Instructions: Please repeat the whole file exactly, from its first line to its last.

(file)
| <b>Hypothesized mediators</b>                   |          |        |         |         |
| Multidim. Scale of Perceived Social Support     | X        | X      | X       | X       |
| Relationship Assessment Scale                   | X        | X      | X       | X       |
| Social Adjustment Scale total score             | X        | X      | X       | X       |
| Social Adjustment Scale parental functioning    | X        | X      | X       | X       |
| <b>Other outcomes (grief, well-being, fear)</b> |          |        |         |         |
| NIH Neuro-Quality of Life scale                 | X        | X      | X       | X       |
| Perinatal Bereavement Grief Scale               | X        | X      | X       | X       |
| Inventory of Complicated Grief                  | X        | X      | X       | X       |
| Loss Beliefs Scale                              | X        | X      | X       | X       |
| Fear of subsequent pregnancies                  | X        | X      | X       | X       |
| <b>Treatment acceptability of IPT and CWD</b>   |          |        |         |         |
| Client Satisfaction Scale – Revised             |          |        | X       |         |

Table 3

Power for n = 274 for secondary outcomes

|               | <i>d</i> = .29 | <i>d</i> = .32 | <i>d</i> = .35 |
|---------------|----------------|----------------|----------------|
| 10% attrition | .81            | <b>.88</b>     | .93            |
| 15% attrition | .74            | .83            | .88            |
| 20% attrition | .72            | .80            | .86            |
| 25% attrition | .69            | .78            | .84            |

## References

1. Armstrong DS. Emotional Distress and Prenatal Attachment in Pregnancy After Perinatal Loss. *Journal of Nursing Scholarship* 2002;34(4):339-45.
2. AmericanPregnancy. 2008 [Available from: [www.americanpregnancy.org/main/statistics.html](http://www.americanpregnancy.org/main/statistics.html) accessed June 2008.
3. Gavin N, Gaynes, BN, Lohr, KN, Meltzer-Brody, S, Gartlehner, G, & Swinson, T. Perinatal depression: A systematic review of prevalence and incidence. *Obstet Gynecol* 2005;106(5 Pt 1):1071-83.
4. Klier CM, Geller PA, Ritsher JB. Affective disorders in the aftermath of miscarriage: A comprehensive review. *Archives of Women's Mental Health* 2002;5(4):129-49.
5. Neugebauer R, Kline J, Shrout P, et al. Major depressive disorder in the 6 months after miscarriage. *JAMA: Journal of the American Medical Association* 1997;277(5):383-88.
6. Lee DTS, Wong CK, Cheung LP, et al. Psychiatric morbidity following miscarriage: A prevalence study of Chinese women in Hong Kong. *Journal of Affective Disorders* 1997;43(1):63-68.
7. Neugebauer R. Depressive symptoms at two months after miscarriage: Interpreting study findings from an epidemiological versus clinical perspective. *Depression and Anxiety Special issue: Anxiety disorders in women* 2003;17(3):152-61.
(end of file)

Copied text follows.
| <b>Hypothesized mediators</b>                   |          |        |         |         |
| Multidim. Scale of Perceived Social Support     | X        | X      | X       | X       |
| Relationship Assessment Scale                   | X        | X      | X       | X       |
| Social Adjustment Scale total score             | X        | X      | X       | X       |
| Social Adjustment Scale parental functioning    | X        | X      | X       | X       |
| <b>Other outcomes (grief, well-being, fear)</b> |          |        |         |         |
| NIH Neuro-Quality of Life scale                 | X        | X      | X       | X       |
| Perinatal Bereavement Grief Scale               | X        | X      | X       | X       |
| Inventory of Complicated Grief                  | X        | X      | X       | X       |
| Loss Beliefs Scale                              | X        | X      | X       | X       |
| Fear of subsequent pregnancies                  | X        | X      | X       | X       |
| <b>Treatment acceptability of IPT and CWD</b>   |          |        |         |         |
| Client Satisfaction Scale – Revised             |          |        | X       |         |

Table 3

Power for n = 274 for secondary outcomes

|               | <i>d</i> = .29 | <i>d</i> = .32 | <i>d</i> = .35 |
|---------------|----------------|----------------|----------------|
| 10% attrition | .81            | <b>.88</b>     | .93            |
| 15% attrition | .74            | .83            | .88            |
| 20% attrition | .72            | .80            | .86            |
| 25% attrition | .69            | .78            | .84            |

## References

1. Armstrong DS. Emotional Distress and Prenatal Attachment in Pregnancy After Perinatal Loss. *Journal of Nursing Scholarship* 2002;34(4):339-45.
2. AmericanPregnancy. 2008 [Available from: [www.americanpregnancy.org/main/statistics.html](http://www.americanpregnancy.org/main/statistics.html) accessed June 2008.
3. Gavin N, Gaynes, BN, Lohr, KN, Meltzer-Brody, S, Gartlehner, G, & Swinson, T. Perinatal depression: A systematic review of prevalence and incidence. *Obstet Gynecol* 2005;106(5 Pt 1):1071-83.
4. Klier CM, Geller PA, Ritsher JB. Affective disorders in the aftermath of miscarriage: A comprehensive review. *Archives of Women's Mental Health* 2002;5(4):129-49.
5. Neugebauer R, Kline J, Shrout P, et al. Major depressive disorder in the 6 months after miscarriage. *JAMA: Journal of the American Medical Association* 1997;277(5):383-88.
6. Lee DTS, Wong CK, Cheung LP, et al. Psychiatric morbidity following miscarriage: A prevalence study of Chinese women in Hong Kong. *Journal of Affective Disorders* 1997;43(1):63-68.
7. Neugebauer R. Depressive symptoms at two months after miscarriage: Interpreting study findings from an epidemiological versus clinical perspective. *Depression and Anxiety Special issue: Anxiety disorders in women* 2003;17(3):152-61.